[std-interval] Comments on the Interval Standard Proposal
Sylvain.Pion at sophia.inria.fr
Sun Oct 1 00:32:43 PDT 2006
Guillaume Melquiond a écrit :
>> 26.6.4 interval member functions
>> I do not see a definition of the static member function whole().
>> I am particularly interested in what whole().lower() et.al. means.
> There is a definition in the proposal saying that "whole" returns [-inf,
> +inf]. Anyway, there was some discussions on the list and now "whole" is
> only defined as returning an interval containing all the real numbers.
> There is no difference with the older definition for a 754-based
> efficient implementation, but the function can now be defined on an
> arithmetic without infinities.
> Concerning the "lower" and "upper" members, I have fixed their
> definitions along the lines of the "inf" and "sup" functions, so that
> they return the corresponding infinities for unbounded intervals. When
> infinities are not available, the behavior is implementation-defined.
For implementations which do not support infinity, how do you check if
an interval is bounded ? Currently we can't.
What about adding functions like:
Or something like that.
Even for cases where infinities are supported, they can be more
convenient than testing like:
x.upper() == numeric_limits<double>::infinity()
>> interval(const char *s);
>> I think undefined behavior here is a very bad idea. The programmer
>> cannot effectively avoid the bad behavior without parsing the string
>> manually. That is too much of a burden. I suggest that the parse
>> either return empty (which is indistinguishable from a successfully
>> parsed empty) or return an error code, or throw an exception. You
>> should ask the library experts for their prefered solution.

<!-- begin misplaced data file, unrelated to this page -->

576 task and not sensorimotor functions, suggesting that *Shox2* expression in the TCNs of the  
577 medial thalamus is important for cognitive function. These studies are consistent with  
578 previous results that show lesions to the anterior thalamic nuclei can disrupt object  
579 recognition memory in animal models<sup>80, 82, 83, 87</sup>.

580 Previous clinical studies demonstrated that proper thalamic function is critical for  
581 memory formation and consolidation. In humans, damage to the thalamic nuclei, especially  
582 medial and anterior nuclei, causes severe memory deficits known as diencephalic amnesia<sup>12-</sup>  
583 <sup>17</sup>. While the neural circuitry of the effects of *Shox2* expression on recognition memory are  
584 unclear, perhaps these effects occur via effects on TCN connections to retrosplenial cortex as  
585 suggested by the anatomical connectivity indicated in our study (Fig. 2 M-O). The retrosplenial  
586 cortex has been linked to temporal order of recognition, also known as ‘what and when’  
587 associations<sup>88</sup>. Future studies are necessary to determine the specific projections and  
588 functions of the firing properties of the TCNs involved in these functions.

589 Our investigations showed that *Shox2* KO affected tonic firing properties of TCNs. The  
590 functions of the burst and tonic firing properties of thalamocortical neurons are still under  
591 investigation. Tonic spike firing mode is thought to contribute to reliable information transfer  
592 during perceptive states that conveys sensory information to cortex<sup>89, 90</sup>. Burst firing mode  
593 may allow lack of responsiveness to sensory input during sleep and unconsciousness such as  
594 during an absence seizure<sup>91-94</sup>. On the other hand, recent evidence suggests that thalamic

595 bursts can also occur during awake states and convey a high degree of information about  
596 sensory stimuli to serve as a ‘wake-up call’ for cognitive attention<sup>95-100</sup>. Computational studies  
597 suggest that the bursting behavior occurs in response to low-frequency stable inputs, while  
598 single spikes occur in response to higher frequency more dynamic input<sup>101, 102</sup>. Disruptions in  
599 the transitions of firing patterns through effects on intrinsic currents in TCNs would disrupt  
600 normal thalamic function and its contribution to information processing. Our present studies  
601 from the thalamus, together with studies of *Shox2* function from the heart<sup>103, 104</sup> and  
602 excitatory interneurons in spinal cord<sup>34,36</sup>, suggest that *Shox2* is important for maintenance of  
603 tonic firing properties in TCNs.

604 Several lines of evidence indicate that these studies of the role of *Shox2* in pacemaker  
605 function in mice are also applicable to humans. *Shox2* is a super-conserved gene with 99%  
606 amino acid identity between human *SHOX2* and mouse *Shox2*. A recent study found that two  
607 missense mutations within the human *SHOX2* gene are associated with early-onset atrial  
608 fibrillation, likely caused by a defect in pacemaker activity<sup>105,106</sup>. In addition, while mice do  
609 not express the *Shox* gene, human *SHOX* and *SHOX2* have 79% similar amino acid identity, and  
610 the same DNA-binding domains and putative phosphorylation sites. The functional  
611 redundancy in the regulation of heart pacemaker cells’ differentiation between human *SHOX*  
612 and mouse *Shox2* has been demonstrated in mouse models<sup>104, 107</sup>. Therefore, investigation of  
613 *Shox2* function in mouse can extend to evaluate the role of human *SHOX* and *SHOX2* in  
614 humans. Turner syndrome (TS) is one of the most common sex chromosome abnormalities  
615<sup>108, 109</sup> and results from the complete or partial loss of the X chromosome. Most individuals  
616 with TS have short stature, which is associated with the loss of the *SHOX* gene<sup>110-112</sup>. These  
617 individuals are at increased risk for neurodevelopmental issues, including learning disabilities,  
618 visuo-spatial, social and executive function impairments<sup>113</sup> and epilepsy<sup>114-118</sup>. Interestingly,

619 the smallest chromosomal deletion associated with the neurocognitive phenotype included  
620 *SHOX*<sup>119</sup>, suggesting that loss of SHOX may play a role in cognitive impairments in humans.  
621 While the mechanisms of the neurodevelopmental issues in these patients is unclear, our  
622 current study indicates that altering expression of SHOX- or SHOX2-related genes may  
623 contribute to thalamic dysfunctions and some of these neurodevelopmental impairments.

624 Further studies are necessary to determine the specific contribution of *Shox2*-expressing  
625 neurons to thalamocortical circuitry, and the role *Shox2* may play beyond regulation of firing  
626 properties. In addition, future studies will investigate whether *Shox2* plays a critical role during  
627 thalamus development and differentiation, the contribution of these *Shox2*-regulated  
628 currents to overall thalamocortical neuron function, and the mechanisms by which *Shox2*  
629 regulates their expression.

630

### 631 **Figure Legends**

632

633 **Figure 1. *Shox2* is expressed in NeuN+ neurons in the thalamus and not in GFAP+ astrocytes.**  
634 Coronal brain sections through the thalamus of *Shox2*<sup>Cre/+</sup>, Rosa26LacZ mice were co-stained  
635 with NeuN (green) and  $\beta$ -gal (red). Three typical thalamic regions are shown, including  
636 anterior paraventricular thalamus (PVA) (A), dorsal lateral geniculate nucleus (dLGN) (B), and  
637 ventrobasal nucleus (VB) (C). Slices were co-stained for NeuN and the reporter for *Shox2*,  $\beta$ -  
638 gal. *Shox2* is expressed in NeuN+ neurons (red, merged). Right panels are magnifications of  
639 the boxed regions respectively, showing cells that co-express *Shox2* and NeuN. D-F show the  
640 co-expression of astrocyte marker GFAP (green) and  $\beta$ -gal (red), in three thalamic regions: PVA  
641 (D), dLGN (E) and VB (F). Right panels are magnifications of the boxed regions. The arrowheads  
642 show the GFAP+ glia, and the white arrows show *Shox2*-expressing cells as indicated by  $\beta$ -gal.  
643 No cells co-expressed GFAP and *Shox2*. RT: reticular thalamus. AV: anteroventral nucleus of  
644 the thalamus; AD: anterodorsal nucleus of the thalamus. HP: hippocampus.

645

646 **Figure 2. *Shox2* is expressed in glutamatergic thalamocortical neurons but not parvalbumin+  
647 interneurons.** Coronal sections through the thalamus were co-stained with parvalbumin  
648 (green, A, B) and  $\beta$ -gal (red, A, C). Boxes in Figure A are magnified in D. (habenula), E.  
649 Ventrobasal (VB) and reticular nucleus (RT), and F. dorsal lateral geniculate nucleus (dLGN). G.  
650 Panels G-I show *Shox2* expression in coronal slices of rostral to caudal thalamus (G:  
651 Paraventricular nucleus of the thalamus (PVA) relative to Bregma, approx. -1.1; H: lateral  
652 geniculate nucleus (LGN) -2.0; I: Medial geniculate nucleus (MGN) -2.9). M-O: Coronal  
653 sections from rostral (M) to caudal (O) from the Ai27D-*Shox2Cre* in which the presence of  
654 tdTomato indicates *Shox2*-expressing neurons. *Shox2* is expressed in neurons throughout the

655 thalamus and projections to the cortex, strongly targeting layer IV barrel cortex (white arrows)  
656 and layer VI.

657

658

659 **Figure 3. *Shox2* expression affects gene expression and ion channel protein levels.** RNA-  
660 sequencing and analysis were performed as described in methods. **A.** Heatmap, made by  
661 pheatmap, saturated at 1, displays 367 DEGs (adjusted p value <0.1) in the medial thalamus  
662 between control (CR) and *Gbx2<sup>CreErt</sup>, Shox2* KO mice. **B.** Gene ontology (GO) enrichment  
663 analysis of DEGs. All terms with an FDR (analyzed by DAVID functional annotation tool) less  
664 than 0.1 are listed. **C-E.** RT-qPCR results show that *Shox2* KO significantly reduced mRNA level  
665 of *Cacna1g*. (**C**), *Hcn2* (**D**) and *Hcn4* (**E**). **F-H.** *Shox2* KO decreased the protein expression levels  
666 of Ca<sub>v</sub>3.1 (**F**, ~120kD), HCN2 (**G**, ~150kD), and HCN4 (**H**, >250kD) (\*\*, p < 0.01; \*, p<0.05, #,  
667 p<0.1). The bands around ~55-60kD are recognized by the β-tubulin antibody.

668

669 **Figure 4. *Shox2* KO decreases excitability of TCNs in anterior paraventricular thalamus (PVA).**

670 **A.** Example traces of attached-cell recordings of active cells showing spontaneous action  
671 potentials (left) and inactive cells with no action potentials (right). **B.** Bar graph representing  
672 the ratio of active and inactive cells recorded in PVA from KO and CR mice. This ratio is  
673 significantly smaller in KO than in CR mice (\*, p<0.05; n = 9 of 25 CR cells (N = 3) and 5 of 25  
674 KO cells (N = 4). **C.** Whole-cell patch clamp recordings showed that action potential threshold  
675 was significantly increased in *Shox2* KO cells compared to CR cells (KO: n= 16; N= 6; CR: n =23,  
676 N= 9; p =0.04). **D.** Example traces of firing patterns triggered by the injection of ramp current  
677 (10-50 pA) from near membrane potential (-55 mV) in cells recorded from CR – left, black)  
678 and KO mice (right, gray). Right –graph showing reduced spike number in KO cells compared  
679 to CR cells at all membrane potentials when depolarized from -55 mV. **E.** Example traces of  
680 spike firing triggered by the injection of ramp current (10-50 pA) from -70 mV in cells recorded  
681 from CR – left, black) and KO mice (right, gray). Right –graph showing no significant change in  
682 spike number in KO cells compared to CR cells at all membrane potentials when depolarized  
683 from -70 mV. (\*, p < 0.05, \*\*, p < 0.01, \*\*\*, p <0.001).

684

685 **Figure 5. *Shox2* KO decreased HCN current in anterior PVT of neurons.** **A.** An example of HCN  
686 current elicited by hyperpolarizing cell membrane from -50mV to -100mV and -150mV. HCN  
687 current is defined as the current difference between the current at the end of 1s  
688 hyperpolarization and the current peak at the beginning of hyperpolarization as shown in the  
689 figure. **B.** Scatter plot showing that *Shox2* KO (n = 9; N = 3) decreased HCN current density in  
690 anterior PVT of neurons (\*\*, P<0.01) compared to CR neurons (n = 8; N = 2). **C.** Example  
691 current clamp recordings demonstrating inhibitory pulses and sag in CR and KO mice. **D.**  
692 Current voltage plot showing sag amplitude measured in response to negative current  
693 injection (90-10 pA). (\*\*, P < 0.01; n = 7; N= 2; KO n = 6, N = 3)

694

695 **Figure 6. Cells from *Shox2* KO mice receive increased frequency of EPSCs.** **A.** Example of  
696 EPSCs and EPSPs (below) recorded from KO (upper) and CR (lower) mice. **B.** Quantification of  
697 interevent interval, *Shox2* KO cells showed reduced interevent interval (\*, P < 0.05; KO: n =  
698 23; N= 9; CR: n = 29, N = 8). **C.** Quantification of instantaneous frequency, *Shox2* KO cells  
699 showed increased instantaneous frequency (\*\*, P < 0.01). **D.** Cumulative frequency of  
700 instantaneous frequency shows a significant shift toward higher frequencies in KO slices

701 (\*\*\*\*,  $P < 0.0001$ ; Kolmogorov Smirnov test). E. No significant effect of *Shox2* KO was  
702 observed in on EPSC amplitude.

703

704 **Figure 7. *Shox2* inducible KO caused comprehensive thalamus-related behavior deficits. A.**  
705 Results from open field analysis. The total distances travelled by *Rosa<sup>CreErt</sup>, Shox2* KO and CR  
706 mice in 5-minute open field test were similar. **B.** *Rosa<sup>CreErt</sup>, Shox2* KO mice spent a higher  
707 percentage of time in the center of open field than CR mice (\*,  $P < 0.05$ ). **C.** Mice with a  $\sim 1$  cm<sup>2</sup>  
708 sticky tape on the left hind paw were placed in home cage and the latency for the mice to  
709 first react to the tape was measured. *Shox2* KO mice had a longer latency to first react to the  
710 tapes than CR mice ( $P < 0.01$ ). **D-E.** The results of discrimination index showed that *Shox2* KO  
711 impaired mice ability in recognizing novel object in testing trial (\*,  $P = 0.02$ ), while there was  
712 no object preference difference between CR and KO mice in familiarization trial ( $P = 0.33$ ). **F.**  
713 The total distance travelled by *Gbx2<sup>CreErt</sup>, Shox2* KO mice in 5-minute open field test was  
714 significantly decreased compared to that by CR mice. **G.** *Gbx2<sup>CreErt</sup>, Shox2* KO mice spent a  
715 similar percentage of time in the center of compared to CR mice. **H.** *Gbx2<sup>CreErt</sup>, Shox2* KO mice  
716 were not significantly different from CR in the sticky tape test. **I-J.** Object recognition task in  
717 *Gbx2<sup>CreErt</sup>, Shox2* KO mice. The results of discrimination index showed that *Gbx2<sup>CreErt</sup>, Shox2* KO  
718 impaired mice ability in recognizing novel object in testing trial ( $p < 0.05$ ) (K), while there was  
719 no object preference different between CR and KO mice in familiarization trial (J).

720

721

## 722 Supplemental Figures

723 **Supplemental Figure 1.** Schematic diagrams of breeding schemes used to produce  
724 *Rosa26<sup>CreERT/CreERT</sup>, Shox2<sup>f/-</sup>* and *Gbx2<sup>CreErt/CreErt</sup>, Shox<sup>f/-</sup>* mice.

> On the contrary, I think undefined behavior is a good idea :). The point
> of this constructor is to define interval constants in the program, e.g.
> ``interval<float> Pi("[3.1415926,3.1415927]");''. With an undefined
> behavior, we may hope that compilers will warn when they detect a syntax
> error, as they already do with printf format strings.
> The constructor was not meant to be used to convert user inputs. The STL
> I/O stream machinery should be used instead as it will correctly detect
> any mistyped input and report it to the program. Am I missing something?
The use case you mention is supposed to be handled by initializer_lists
at some point anyway (I guess). So in the end, we might differentiate
between the case of a constant string, available to the compiler, and
the case of a "run-time" string, which might come from elsewhere (not
For now, I would tend to follow Lawrence's list of potential solutions.
They do not prevent study of compile-time constant strings by the
>> interval(T t);
>> What does "if the value of t is infinite, it will be interpreted as a finite
>> number to [sic] big to be representable when constructing the
>> interval" mean? How does this statement affect my program?
> This is a good question, and I'm not sure I have a good answer. The
> point of this definition is to provide an interval that still respects
> the inclusion property when an infinity is interpreted an overflow. From
> an implementation point of view, it means that interval(+Inf) constructs
> the interval [+Max,+Inf].
I think [+Max,+Inf] is a wrong choice.
I see only 2 reasonnable choices: error or whole.
Either we error out on this (using an exception or an error code),
as intervals only contain real (finite) numbers and infinity is not
such a number, hence not representable in an interval.
Or we consider that we try to fix up some code that did overflow,
but then, given than +Inf-C is also +Inf (for C any finite number),
then it means that we should also fix up this case after the fact,
thus +Max-C should also be in the interval, hence the only reasonable
interval is whole.
I don't have any strong preference between these two, but maybe
returning whole is safe enough.
More information about the Std-interval